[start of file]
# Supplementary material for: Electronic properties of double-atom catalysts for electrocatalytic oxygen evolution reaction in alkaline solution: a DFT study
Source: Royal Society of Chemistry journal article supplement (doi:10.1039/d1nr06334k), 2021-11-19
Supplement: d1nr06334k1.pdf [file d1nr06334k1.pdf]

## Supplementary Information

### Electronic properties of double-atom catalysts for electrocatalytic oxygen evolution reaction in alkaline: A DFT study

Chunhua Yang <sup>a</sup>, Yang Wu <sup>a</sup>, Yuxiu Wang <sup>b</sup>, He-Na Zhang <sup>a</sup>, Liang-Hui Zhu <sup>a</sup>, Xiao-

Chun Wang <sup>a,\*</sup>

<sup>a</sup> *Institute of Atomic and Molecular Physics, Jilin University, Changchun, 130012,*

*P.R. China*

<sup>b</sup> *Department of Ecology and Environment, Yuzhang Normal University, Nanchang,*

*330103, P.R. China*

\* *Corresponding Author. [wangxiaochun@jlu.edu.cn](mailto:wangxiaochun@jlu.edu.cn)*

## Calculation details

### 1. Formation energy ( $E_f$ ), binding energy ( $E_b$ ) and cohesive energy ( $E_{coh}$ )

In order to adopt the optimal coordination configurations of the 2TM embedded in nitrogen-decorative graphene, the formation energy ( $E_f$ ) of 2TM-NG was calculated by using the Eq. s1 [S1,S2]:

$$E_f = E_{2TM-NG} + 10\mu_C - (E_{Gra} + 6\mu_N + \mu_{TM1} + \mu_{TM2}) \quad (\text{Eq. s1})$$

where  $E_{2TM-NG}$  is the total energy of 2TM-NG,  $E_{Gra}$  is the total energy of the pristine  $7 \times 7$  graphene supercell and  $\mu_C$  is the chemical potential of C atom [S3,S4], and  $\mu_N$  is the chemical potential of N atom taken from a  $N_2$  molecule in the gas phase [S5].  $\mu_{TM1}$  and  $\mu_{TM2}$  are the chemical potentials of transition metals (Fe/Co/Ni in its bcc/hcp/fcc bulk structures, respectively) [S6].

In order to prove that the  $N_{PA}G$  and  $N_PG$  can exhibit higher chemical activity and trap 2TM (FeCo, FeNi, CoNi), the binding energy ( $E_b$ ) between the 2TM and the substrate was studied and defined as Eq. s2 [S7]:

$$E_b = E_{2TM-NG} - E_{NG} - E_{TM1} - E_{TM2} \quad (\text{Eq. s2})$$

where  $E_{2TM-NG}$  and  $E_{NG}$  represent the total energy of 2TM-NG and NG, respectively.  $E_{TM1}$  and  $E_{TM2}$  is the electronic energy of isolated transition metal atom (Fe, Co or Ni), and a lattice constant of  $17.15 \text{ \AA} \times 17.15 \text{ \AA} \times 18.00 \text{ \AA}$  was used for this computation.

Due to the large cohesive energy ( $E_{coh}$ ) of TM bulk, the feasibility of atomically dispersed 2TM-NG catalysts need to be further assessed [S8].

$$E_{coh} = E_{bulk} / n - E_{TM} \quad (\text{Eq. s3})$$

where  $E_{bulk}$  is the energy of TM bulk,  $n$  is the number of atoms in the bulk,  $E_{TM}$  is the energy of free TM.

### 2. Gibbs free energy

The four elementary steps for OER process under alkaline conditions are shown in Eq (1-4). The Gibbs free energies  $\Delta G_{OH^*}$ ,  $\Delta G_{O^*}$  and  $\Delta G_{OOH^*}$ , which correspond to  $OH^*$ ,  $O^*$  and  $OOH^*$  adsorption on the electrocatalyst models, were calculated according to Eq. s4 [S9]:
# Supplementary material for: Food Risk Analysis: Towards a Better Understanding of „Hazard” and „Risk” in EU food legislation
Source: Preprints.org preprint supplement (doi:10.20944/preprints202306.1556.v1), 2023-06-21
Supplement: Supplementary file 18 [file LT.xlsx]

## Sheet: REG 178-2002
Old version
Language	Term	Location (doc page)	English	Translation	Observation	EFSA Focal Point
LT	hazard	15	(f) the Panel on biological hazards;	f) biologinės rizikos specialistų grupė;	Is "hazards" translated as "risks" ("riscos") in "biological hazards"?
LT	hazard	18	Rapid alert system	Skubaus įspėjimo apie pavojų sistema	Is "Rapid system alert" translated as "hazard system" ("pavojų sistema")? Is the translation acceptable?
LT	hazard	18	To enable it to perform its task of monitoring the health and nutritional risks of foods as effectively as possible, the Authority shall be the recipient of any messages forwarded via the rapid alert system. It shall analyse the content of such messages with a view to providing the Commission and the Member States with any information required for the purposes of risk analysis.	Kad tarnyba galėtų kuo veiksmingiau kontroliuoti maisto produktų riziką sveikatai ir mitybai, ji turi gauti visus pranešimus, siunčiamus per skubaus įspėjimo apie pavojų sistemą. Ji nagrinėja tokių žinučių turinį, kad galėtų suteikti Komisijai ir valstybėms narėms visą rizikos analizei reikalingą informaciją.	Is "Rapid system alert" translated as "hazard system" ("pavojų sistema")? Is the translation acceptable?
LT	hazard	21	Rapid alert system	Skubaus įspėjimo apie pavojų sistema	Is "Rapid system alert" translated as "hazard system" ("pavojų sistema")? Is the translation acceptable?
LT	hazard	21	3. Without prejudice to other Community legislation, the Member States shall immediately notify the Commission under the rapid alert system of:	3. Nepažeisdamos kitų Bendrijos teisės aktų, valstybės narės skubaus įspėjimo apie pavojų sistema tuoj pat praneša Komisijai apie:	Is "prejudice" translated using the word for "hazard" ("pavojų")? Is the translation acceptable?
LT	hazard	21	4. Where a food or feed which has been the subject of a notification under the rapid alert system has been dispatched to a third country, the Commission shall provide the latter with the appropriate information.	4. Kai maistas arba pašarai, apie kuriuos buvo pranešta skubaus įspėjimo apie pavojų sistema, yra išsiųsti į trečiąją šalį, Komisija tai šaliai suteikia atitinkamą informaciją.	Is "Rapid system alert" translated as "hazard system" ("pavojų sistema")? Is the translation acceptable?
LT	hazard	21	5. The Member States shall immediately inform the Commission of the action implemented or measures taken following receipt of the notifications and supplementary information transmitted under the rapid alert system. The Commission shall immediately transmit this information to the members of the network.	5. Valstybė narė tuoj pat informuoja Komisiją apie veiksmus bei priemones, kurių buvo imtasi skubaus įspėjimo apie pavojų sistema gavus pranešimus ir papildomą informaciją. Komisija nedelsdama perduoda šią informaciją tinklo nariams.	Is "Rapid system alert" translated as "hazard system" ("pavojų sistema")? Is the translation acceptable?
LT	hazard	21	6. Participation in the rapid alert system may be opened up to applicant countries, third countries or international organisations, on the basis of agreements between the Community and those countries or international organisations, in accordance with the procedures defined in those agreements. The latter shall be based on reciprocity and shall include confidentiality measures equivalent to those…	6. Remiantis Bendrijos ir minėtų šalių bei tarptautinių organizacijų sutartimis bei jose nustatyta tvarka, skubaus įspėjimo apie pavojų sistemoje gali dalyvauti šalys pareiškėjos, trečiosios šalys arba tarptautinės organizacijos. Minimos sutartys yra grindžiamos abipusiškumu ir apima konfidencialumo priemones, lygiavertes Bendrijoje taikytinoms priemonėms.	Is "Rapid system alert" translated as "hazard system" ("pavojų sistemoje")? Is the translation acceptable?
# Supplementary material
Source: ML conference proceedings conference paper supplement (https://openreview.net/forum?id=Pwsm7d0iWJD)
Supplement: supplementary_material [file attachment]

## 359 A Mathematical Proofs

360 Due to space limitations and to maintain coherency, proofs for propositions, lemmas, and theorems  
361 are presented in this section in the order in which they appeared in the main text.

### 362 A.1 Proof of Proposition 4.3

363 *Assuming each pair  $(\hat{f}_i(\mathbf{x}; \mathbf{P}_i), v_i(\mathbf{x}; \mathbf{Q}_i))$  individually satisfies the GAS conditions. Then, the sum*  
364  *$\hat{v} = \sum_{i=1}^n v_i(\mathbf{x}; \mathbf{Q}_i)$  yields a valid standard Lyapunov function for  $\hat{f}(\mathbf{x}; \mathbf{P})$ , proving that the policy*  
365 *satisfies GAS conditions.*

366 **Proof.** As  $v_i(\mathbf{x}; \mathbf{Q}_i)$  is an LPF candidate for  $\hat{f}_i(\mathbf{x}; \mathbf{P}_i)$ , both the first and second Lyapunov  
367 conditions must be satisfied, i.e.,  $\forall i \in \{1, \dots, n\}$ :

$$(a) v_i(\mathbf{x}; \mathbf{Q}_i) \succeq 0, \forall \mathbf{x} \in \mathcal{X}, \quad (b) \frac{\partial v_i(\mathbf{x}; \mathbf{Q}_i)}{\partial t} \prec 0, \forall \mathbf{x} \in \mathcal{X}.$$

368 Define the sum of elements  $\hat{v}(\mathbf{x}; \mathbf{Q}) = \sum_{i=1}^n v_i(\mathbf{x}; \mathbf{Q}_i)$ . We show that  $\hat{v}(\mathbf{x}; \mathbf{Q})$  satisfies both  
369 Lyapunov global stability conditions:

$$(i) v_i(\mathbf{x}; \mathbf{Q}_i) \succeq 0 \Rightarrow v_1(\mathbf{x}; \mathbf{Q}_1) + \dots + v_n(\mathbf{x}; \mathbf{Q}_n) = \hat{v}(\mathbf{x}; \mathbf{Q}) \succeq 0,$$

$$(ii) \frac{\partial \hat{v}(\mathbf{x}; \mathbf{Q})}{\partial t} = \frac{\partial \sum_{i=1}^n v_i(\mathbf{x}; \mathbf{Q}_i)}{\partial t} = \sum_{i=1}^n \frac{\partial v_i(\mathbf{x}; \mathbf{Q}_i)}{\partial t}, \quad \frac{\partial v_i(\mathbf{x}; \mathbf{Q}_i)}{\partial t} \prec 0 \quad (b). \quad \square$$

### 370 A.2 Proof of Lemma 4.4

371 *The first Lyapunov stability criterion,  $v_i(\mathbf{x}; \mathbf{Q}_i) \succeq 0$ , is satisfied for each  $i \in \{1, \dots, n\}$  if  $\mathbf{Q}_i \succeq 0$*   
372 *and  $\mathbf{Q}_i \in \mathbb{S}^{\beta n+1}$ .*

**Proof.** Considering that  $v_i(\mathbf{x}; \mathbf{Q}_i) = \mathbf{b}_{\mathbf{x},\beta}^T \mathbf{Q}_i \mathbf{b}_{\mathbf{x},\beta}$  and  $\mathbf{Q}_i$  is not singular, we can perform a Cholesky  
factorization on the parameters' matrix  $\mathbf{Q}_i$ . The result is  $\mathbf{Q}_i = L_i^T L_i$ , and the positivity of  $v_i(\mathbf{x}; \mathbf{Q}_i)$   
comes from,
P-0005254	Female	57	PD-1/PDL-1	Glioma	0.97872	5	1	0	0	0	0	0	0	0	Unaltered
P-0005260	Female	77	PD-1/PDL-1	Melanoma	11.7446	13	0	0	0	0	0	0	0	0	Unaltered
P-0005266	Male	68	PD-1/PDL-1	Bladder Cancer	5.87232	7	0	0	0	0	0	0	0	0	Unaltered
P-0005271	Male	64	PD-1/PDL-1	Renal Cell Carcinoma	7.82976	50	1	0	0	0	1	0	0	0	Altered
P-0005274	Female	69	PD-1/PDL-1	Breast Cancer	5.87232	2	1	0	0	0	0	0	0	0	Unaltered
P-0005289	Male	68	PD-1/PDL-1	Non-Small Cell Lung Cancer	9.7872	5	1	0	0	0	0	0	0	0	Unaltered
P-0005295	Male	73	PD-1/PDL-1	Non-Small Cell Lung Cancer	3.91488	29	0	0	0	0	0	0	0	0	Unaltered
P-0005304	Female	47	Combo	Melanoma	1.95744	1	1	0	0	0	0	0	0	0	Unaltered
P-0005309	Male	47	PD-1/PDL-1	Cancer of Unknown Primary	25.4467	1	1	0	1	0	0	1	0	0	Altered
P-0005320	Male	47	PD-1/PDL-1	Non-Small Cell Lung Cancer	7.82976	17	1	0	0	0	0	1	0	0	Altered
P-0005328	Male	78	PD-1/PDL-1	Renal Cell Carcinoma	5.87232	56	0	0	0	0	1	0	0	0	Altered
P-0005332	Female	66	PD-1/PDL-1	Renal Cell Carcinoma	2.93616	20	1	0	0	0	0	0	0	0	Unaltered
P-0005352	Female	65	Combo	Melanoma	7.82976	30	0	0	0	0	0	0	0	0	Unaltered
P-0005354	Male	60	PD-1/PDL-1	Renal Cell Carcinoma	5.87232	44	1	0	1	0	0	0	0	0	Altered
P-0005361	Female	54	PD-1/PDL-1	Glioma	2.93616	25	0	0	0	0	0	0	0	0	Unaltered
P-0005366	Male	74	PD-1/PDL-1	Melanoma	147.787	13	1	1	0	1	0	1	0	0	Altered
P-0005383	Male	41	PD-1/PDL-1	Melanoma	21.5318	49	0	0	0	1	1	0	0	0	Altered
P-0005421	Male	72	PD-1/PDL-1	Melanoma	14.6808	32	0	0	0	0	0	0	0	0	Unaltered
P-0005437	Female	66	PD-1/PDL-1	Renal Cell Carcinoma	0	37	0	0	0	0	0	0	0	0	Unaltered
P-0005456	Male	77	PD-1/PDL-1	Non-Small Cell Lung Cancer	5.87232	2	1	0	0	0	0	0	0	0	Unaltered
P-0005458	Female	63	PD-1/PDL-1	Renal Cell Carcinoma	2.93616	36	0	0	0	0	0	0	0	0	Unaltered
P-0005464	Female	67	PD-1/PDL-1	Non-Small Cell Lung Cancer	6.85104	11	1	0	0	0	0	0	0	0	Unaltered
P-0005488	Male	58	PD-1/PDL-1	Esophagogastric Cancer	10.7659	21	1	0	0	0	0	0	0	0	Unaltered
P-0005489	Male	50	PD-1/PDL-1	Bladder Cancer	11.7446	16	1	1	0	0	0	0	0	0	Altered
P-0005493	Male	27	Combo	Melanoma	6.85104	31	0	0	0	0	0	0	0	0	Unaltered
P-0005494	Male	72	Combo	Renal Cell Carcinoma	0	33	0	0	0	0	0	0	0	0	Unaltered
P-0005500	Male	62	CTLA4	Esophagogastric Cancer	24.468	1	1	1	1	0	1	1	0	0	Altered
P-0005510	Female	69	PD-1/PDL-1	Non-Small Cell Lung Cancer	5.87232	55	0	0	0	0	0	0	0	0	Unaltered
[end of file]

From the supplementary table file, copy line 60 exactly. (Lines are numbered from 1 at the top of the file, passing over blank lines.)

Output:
**Proof.** Considering that  $v_i(\mathbf{x}; \mathbf{Q}_i) = \mathbf{b}_{\mathbf{x},\beta}^T \mathbf{Q}_i \mathbf{b}_{\mathbf{x},\beta}$  and  $\mathbf{Q}_i$  is not singular, we can perform a Cholesky  